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Knowledge-based Analysis of Genome-scale Data. How to Understand Gene Sets ?. Gene products function together in dynamic groups A key task is to understand why a set of gene products are grouped together in a condition, exploiting all existing knowledge about: The genes (all of them)

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Knowledge-based Analysis of Genome-scale Data

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Knowledge-based Analysis ofGenome-scale Data

How to Understand Gene Sets?

  • Gene products function together in dynamic groups

  • A key task is to understand why a set of gene products are grouped together in a condition, exploiting all existing knowledge about:

    • The genes (all of them)

    • Their relationships (|genes|2)

    • The condition(s) under study.

1,170 peer-reviewed gene-related databases in 2009 Nucleic Acids Research database issue

Exponential growth in the biomedical literature

1,000 genomes project will create 1,400GB next year

How to stay ahead?

  • Have to take advantage of information gained in different disciplines

    • Relaxin 1 & βblockers

    • Originally characterized in 1926 as pregnancy related


  • Lots of gene centric information sources:

    • PubMed / GeneRIFs

    • Entrez Gene / UniProt

    • GeneCards

    • OMIM (with associated human phenotypes)

  • But these can be overwhelming even for a single gene, let alone for a list of hundreds.

    • Try scanning these for information about human PPARD, a moderately well-studied gene.

Mapping to Pathways

  • Searching a pathway database (KEGG, Reactome, WikiPathways) with multiple genes

  • “Painting” expression dataonto staticpathways, e.g.GenMAPP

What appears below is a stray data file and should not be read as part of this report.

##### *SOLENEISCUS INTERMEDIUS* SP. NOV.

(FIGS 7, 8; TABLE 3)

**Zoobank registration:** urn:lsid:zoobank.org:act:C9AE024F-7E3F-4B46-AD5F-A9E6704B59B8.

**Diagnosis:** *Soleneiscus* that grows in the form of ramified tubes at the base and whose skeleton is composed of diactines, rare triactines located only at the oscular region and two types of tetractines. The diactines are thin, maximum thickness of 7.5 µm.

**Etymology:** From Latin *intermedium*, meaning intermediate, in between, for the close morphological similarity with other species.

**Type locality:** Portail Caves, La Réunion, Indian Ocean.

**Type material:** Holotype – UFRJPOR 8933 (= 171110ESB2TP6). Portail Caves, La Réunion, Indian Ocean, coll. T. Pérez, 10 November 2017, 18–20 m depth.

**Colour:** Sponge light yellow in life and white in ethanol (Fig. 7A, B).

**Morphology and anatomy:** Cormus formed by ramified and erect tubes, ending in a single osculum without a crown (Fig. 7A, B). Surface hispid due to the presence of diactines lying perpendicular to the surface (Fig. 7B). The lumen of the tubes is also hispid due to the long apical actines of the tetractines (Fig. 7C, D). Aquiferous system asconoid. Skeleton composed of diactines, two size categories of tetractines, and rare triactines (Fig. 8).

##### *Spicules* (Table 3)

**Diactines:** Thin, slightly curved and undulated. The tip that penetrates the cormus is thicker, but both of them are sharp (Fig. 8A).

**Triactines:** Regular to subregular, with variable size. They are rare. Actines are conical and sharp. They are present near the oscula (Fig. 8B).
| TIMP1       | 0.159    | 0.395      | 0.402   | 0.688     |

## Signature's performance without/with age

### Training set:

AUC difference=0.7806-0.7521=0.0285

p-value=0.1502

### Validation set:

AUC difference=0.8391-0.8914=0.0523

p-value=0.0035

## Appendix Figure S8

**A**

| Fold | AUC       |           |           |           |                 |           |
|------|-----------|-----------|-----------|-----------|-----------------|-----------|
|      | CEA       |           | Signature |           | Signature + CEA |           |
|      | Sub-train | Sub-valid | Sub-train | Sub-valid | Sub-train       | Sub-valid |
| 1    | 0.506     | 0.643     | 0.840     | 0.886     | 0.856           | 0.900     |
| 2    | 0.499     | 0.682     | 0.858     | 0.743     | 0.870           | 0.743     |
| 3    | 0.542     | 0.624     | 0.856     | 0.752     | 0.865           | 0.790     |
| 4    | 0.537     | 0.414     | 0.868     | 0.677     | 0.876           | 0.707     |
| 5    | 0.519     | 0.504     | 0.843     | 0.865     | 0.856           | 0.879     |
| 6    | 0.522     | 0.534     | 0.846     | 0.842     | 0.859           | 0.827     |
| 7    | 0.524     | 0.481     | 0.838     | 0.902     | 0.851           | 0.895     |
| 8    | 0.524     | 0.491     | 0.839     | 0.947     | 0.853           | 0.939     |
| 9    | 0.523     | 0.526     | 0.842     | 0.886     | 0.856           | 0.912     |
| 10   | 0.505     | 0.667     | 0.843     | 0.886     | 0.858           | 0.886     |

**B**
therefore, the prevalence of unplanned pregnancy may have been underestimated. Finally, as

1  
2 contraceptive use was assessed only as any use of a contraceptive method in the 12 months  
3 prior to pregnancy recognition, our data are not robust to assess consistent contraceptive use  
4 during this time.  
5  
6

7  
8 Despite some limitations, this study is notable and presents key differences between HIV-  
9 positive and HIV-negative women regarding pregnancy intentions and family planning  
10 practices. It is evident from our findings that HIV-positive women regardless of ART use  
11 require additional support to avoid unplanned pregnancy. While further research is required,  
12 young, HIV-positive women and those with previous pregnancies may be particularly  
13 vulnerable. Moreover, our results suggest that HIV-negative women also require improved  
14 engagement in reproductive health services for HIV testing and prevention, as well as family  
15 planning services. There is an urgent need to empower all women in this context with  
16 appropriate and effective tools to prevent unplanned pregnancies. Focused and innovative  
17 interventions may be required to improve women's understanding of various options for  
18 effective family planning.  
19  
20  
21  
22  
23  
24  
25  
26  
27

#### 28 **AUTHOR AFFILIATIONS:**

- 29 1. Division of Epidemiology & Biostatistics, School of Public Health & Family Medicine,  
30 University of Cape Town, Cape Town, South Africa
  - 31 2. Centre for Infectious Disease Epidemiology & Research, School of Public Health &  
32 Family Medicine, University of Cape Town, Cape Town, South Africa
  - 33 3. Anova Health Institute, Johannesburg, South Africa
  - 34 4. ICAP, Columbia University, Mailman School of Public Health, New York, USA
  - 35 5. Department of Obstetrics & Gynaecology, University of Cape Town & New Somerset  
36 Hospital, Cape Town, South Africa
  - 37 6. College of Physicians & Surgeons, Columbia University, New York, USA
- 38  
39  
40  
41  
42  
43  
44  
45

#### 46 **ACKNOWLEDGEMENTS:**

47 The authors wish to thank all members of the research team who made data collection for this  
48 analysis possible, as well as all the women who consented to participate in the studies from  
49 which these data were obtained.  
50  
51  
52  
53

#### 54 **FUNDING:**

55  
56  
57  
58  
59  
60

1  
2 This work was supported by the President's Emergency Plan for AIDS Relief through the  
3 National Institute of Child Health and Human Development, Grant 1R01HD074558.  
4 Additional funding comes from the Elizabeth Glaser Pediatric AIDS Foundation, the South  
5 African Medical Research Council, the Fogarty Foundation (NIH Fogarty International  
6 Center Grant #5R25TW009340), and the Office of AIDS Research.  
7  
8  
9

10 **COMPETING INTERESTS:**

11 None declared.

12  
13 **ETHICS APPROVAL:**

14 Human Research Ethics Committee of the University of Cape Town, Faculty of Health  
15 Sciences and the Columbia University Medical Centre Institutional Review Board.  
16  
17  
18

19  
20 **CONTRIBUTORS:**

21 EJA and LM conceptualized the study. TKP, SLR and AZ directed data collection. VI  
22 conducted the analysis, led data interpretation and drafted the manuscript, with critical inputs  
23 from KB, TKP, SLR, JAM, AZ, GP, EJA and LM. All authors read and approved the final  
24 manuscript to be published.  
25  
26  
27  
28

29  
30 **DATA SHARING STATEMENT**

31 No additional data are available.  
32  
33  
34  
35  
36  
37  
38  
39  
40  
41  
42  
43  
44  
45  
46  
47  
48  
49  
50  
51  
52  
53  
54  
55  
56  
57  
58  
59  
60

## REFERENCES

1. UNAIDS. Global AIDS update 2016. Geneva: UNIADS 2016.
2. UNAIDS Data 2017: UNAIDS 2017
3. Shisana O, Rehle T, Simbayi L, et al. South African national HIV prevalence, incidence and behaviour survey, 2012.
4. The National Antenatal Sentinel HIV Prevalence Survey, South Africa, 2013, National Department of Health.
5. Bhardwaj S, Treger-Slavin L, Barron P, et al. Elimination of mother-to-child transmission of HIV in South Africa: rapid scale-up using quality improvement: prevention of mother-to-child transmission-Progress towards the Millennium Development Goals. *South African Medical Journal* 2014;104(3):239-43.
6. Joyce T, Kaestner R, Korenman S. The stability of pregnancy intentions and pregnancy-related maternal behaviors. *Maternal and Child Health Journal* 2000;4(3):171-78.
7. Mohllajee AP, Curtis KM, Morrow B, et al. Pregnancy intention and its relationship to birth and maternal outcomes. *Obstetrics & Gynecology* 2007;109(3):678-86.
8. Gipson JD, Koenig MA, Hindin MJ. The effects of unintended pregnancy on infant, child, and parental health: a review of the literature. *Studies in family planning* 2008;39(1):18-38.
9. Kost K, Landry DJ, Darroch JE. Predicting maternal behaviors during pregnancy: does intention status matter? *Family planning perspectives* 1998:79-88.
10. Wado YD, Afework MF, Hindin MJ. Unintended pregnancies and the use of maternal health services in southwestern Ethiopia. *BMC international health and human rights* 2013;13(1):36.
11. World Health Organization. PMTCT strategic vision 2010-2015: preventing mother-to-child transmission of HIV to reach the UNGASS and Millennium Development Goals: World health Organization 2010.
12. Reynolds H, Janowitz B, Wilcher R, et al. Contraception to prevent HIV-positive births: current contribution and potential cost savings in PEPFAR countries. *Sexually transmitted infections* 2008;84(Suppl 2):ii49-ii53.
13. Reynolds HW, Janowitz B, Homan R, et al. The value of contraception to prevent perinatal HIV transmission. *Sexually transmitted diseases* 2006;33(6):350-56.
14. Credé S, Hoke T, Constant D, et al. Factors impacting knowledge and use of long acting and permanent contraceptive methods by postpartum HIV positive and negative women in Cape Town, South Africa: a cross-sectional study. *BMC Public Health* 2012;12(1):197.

Mapping to PPI networks

  • Greater coverage than pathways, but harder to interpret (e.g. GenePro Cytoscape plugin)

Tools to find commonalities

  • GO term enrichment

    • Identifies annotations of all genes in a cluster that appear more often than expected for a random set of genes of the same size, e.g. Onto-Express

  • DAVID gene functional classification enrichment (GO, PIR, KEGG, Interpro, etc.)

Gene Set Enrichment Analysis

  • Start with predefined sets of related genes, then test expression data for over-representation of each group

  • Not alwayseasy to definegood sets;chromosomalregions workwell in cancer

3R Approach

  • Integrated approach to creating knowledge-based resources and using them for analysis

  • Reading: Extracting information from the literature and curated databases

  • Reasoning: Integrating, extending, evaluating and aligning knowledge with data

  • Reporting: Interactive visualizations and queries that facilitate explanation and hypothesis generation

Information integration

  • Peer-reviewed gene-centric databases contain:

    • Annotations to function, location, process, disease, etc. ontologies

    • Linkages to many sorts of experimental and derived data(GWAS, expression, structure, pathways, population frequencies)

    • Linkages to publications that report evidence relevant to them

  • Many can be integrated into a single, unified network using gene and/or publication identifiers.

    • Identifier cross-reference lists increasingly reliable

    • Increasing coordination and standardization among providers

  • Some challenges remain, e.g. what is a “gene”?

    • PRO might help, but not there yet.


  • The best source of knowledge is the literature

  • OpenDMAP is significant progress in concept recognition in biomedical text

  • Even simple-minded approaches are powerful

    • Gene co-occurrence widely used

    • Thresholded co-occurrence fraction is better

OpenDMAP extracts typed relations from the literature

  • Concept recognition tool

    • Connect ontological terms to literature instances

    • Built on Protégé knowledge representation system

  • Language patterns associated with concepts and slots

    • Patterns can contain text literals, other concepts, constraints (conceptual or syntactic), ordering information, or outputs of other processing.

    • Linked to many text analysis engines via UIMA

  • Best performance in BioCreative II IPS task

  • >500,000 instances of three predicates (with arguments) extracted from Medline Abstracts

  • [Hunter, et al., 2008]

Reasoning in knowledge networks

Ddc; MGI:94876

[Bada & Hunter, 2006]



adrenaline (CHEBI:33568)


Cadps; MGI:1350922






Reliability = 0.009740

Inferred interactions

  • Dramatically increase coverage…

  • But at the cost of lower reliability